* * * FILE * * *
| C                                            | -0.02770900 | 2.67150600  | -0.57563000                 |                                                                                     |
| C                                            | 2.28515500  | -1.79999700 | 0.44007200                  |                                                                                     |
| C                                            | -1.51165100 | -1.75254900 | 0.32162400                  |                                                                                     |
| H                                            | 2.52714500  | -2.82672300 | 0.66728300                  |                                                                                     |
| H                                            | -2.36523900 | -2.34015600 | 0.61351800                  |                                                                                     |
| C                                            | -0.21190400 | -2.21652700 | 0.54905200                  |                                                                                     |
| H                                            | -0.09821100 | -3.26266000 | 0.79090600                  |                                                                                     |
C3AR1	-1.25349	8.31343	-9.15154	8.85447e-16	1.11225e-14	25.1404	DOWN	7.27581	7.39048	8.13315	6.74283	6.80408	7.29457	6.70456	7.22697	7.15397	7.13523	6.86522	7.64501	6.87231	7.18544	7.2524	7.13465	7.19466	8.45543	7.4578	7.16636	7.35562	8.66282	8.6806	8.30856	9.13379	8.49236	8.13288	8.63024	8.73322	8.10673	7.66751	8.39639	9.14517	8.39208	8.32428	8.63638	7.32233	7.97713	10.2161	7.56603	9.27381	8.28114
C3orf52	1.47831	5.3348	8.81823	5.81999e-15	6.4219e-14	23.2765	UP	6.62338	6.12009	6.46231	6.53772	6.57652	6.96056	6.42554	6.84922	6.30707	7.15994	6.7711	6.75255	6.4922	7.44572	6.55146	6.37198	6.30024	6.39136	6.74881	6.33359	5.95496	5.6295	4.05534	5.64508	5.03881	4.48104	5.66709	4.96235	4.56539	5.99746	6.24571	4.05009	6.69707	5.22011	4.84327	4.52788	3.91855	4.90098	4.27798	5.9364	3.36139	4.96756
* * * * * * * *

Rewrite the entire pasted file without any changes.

| C                                            | -0.02770900 | 2.67150600  | -0.57563000                 |                                                                                     |
| C                                            | 2.28515500  | -1.79999700 | 0.44007200                  |                                                                                     |
| C                                            | -1.51165100 | -1.75254900 | 0.32162400                  |                                                                                     |
| H                                            | 2.52714500  | -2.82672300 | 0.66728300                  |                                                                                     |
| H                                            | -2.36523900 | -2.34015600 | 0.61351800                  |                                                                                     |
| C                                            | -0.21190400 | -2.21652700 | 0.54905200                  |                                                                                     |
| H                                            | -0.09821100 | -3.26266000 | 0.79090600                  |                                                                                     |
C3AR1	-1.25349	8.31343	-9.15154	8.85447e-16	1.11225e-14	25.1404	DOWN	7.27581	7.39048	8.13315	6.74283	6.80408	7.29457	6.70456	7.22697	7.15397	7.13523	6.86522	7.64501	6.87231	7.18544	7.2524	7.13465	7.19466	8.45543	7.4578	7.16636	7.35562	8.66282	8.6806	8.30856	9.13379	8.49236	8.13288	8.63024	8.73322	8.10673	7.66751	8.39639	9.14517	8.39208	8.32428	8.63638	7.32233	7.97713	10.2161	7.56603	9.27381	8.28114
C3orf52	1.47831	5.3348	8.81823	5.81999e-15	6.4219e-14	23.2765	UP	6.62338	6.12009	6.46231	6.53772	6.57652	6.96056	6.42554	6.84922	6.30707	7.15994	6.7711	6.75255	6.4922	7.44572	6.55146	6.37198	6.30024	6.39136	6.74881	6.33359	5.95496	5.6295	4.05534	5.64508	5.03881	4.48104	5.66709	4.96235	4.56539	5.99746	6.24571	4.05009	6.69707	5.22011	4.84327	4.52788	3.91855	4.90098	4.27798	5.9364	3.36139	4.96756